Culture and attitudes towards medications
The prescription and use of medications fundamentally involves a social transaction that carries both symbolic and social meanings based on the interactions between the patient, doctor, and their social environment (Moerman, 1979). Consequently medication uptake and use is considerably influenced by sociocultural factors, ultimately influencing therapeutic benefit, as first surmised by Murphy (1969). Cross-cultural and cross-ethnic differences in drug response are considerable, and beyond explanations based simply on the biological effects of the medication. Sociocultural factors include beliefs and expectations concerning the illness, the treatment and its mechanisms of action, compliance behavior, the role of the social network in using medicines, propensity to placebo effects, and use of alternative or concurrent herbal and other strategies from traditional medicines. The patient's willingness to accept medication is related to cross-cultural variability in drug tolerance and metabolism, as well as past experiences and current beliefs and perceptions held about psychiatric drugs.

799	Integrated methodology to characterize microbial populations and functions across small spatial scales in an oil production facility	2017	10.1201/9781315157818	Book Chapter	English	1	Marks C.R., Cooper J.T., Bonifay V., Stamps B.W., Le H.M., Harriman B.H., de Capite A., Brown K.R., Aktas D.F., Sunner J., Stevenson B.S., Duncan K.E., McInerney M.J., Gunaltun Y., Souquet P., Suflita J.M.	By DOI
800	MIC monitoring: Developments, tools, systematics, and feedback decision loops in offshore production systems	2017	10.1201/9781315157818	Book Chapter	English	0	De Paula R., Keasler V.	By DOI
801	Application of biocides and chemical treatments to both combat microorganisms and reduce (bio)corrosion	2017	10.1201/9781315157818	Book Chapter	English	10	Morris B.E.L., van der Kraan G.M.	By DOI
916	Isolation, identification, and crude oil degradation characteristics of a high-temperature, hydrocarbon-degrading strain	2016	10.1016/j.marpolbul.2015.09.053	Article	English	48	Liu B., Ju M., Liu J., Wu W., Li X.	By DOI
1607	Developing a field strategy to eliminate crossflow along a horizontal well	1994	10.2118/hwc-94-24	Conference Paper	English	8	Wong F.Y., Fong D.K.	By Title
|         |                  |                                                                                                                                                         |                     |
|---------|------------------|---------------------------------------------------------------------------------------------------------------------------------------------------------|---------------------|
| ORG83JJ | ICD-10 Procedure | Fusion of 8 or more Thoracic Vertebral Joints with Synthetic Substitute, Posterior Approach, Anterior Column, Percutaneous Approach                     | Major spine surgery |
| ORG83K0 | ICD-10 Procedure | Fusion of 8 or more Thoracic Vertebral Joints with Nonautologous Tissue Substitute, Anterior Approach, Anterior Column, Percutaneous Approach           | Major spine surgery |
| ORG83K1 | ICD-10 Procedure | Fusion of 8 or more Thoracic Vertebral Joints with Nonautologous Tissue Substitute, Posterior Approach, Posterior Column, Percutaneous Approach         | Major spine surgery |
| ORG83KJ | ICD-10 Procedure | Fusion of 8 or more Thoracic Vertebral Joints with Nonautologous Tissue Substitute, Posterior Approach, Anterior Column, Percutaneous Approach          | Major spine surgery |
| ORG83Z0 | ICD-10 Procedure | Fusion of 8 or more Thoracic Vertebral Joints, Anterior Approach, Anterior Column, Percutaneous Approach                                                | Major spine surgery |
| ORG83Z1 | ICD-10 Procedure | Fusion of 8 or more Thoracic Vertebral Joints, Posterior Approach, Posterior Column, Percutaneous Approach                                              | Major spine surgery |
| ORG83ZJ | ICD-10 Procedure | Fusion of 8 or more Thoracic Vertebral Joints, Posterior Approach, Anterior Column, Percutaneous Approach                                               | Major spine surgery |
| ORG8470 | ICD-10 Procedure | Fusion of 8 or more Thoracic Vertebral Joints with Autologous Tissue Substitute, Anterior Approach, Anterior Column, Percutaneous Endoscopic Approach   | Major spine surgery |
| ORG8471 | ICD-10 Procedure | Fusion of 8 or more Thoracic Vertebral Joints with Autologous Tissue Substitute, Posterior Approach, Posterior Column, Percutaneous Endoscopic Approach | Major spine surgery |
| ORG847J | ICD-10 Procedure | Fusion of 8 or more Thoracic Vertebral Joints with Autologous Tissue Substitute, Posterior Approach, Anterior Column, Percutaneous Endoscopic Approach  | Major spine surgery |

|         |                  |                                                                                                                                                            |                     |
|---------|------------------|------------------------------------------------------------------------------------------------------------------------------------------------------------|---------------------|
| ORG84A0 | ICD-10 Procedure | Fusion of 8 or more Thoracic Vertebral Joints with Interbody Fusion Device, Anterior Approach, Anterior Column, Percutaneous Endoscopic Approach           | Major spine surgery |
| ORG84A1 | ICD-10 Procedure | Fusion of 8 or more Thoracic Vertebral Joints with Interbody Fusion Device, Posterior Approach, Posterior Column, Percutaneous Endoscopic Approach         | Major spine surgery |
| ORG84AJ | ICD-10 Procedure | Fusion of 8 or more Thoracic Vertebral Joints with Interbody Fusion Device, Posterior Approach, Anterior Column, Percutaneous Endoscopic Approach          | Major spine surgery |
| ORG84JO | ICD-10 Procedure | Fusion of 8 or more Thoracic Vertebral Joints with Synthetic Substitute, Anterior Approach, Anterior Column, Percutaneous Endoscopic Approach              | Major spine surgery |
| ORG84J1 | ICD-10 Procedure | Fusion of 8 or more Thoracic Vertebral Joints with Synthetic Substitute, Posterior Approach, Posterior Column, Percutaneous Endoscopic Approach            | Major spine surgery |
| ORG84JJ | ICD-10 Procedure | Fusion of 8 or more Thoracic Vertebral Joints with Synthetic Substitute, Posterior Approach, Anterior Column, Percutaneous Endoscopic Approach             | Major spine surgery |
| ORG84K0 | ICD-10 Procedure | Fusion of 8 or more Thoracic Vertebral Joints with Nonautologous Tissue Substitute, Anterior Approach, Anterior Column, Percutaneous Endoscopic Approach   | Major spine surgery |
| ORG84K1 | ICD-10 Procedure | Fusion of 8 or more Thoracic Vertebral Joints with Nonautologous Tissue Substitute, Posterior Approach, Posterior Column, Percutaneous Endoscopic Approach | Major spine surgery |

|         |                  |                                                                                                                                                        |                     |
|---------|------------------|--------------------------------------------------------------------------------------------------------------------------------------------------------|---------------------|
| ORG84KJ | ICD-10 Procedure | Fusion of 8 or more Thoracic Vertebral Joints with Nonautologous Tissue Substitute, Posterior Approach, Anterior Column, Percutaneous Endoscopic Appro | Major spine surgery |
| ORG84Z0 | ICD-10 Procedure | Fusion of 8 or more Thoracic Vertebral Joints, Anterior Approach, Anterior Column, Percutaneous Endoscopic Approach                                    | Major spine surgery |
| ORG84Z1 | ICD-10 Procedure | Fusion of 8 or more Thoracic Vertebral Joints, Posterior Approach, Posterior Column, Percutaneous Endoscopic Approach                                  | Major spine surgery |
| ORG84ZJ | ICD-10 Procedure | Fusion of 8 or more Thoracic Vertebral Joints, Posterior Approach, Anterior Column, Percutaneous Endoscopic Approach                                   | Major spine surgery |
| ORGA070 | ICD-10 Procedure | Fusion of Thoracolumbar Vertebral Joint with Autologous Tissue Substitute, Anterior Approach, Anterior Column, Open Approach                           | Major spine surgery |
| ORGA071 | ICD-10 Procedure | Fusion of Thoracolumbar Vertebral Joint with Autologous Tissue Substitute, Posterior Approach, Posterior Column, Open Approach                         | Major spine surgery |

Sociocultural, illness, and biological factors affect individual attitudes towards psychotropic medications. Health beliefs or explanatory models, particularly causal attributions regarding the illness and the treatment options afforded within such models, exert a profound influence on patients' attitudes and behavior regarding medications (Smith, Lin & Mendoza, 1993). Such effects can be subtle and can occur during the course of treatment even if there has been initial successful negotiation about the nature of the illness and treatment.